Related:

“I’m a Hustler”: After Being Banned, Beijing Hip Hop OG Jahjah Way is Building a New Community

  • Freestyle Workshops + Classes: At NYU Shanghai and in Guangzhou, I began a workshop and lecture series on the the history of hip hop culture and its parallels to the development of Chinese hip hop, and the art of freestyle rapping. From a cultural exchange perspective, this was a major highlight — giving young Chinese artists a sense of history and agency within a global subculture, and directly connecting with students and young artists in China.

My overall takeaway so far was definitely the broad and deep appeal of hip hop culture — as well as the importance of very consciously cultivating the right audience; some of the best shows weren’t necessarily the most full, but ones with the right audience, where the avenues for cultural exchange were open. Find out more highlights, stories, and lessons learned on the Misadventures of MC Tingbudong, Season 2!

Students from NYU’s IDM program

@cyberamaris + @sabel_boo by the hip hop wall

I know you’ve worked with VR quite a bit before. What about this format is appealing to you and why did you choose it as the medium for Runaway?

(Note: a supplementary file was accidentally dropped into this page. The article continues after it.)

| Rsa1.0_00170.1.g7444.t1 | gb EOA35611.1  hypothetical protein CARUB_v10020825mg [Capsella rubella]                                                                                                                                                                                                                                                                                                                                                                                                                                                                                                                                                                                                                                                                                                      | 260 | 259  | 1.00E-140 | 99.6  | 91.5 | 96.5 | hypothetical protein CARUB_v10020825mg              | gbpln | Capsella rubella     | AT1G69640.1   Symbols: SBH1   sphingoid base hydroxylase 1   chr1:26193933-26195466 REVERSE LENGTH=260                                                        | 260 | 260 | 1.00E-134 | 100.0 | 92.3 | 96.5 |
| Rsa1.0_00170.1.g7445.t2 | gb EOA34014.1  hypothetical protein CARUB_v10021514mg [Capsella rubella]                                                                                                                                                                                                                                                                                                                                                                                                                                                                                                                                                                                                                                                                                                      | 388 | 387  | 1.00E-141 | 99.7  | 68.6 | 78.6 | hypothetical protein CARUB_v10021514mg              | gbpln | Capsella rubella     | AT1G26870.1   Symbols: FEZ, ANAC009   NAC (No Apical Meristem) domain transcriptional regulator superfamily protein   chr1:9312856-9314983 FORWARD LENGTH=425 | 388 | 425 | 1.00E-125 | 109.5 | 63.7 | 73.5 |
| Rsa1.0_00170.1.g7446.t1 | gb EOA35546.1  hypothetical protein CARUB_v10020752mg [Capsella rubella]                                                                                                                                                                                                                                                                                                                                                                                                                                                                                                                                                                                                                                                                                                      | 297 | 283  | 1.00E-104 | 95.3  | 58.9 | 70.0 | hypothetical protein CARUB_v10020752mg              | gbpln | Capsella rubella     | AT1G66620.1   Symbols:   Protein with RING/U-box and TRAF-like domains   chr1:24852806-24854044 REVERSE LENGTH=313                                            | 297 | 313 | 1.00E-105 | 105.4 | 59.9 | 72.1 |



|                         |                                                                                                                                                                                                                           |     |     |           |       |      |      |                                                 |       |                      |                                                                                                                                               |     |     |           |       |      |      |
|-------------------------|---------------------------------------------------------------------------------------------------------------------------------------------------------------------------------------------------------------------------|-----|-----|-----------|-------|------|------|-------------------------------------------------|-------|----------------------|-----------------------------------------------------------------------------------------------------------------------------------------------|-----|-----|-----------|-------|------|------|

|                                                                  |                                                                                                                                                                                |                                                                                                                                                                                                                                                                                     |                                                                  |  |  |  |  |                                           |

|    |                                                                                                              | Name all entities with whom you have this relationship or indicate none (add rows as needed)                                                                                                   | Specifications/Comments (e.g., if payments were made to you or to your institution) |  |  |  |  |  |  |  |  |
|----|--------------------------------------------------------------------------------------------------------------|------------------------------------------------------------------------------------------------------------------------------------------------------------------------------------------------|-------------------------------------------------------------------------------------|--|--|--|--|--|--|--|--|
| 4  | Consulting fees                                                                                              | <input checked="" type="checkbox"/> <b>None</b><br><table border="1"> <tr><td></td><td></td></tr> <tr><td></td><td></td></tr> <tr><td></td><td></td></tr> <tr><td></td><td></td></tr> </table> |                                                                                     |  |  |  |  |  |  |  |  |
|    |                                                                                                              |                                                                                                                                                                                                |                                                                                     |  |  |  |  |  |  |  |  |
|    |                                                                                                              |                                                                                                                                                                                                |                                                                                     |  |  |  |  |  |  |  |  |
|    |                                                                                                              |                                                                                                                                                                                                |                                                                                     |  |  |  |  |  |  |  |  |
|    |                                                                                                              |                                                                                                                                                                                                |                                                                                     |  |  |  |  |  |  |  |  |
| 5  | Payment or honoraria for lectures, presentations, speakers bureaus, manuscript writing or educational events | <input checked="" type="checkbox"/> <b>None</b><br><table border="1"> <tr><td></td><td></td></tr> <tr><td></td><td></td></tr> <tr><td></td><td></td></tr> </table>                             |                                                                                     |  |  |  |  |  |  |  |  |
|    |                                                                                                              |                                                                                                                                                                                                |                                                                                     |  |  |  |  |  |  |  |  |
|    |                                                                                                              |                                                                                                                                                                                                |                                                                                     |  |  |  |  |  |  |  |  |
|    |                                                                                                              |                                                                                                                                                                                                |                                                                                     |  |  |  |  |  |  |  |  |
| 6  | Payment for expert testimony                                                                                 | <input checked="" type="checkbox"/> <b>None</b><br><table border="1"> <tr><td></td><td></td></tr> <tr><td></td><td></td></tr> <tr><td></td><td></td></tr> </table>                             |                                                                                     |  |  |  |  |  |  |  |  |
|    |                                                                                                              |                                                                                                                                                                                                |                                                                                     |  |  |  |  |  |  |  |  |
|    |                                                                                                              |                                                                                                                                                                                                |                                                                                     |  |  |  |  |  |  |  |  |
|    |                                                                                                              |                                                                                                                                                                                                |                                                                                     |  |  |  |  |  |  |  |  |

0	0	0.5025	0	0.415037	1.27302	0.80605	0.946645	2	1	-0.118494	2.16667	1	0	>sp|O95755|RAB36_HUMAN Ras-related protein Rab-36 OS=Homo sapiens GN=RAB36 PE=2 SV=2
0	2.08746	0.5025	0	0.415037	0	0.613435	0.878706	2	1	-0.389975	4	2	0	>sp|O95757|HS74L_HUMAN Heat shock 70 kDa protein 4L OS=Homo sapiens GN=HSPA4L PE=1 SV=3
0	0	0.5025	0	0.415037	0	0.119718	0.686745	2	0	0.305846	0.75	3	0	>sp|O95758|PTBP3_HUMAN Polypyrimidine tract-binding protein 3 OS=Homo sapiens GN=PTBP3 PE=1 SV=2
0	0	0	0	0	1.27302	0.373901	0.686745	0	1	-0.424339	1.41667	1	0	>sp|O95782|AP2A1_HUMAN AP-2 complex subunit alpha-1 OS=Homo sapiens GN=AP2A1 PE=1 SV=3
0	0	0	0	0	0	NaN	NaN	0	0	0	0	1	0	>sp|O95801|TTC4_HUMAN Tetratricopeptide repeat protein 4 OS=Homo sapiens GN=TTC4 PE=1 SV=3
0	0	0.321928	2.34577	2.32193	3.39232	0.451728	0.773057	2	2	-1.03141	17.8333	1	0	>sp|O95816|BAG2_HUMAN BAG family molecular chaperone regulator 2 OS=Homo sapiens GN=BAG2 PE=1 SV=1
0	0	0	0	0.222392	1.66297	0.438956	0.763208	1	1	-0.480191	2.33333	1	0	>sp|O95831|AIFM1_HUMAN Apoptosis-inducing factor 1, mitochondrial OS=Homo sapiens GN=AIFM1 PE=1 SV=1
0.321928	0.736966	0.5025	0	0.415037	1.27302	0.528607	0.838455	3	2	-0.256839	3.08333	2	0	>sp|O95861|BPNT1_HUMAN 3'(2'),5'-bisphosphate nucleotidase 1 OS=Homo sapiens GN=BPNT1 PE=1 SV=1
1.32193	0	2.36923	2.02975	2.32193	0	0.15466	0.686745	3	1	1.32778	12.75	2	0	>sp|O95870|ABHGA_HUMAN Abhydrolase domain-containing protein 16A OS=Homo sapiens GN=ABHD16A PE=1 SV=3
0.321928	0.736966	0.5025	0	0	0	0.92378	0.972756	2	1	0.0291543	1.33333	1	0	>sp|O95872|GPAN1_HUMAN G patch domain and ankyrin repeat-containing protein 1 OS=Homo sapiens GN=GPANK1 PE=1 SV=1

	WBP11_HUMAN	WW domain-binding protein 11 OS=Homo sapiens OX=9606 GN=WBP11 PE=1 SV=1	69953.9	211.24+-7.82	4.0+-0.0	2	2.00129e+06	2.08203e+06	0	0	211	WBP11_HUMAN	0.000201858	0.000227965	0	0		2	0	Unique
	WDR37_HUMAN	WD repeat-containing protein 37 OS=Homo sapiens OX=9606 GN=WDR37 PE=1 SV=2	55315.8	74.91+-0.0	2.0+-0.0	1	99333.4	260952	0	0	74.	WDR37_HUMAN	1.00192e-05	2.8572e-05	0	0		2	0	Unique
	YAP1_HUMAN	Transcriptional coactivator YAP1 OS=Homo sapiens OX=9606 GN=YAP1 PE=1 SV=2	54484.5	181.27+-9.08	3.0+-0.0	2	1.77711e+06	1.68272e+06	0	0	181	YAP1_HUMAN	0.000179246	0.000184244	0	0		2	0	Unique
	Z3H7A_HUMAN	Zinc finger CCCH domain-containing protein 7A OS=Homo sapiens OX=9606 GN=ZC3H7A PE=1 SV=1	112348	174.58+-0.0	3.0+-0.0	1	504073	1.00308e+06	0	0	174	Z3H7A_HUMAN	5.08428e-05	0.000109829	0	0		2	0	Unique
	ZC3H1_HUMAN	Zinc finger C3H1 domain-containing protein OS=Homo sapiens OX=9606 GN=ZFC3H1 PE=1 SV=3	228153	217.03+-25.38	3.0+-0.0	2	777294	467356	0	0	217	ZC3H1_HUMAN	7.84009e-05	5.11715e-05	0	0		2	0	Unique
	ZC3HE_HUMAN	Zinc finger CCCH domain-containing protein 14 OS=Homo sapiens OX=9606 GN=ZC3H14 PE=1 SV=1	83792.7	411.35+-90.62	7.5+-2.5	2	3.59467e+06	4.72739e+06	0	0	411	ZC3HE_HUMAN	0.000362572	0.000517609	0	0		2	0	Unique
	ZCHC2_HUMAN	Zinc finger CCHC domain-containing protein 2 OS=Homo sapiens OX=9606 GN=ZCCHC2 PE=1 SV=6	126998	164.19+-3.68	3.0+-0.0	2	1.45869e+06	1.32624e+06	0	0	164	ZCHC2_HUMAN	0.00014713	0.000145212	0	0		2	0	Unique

As a medium, VR is an incredibly immersive format. It makes me think how people who saw the first moving images felt after only seeing photographs. However, while there is a lot of VR content nowadays, lots of it rendered in CGI and produced for high aesthetic value, to have you on the moon or in the Great Barrier Reef or the Great Wall. I began to wonder: what would it be like to put this storytelling device in the hands of people from historically marginalized communities? What if you could use this medium to immerse people in the memories of others? My approach to VR became to use the medium to immerse viewers in the experiences of others to drive empathy, to use virtual reality to make you take action in reality.

I knew that I wanted to produce another virtual reality video after releasing “Hands Up” back in 2017, and since then I’ve made a practice of carrying my 360 camera with me everywhere I went. The original concept was to have the video span a series of locations around the world, but after a hard drive failure, I had to keep the footage relegated to China. The song, originally a freestyle recorded at a Found Sound Nation street studio in Brooklyn, was inspired by how immigrants are pushed and pulled by a global system of exploitation, especially at the US southern border.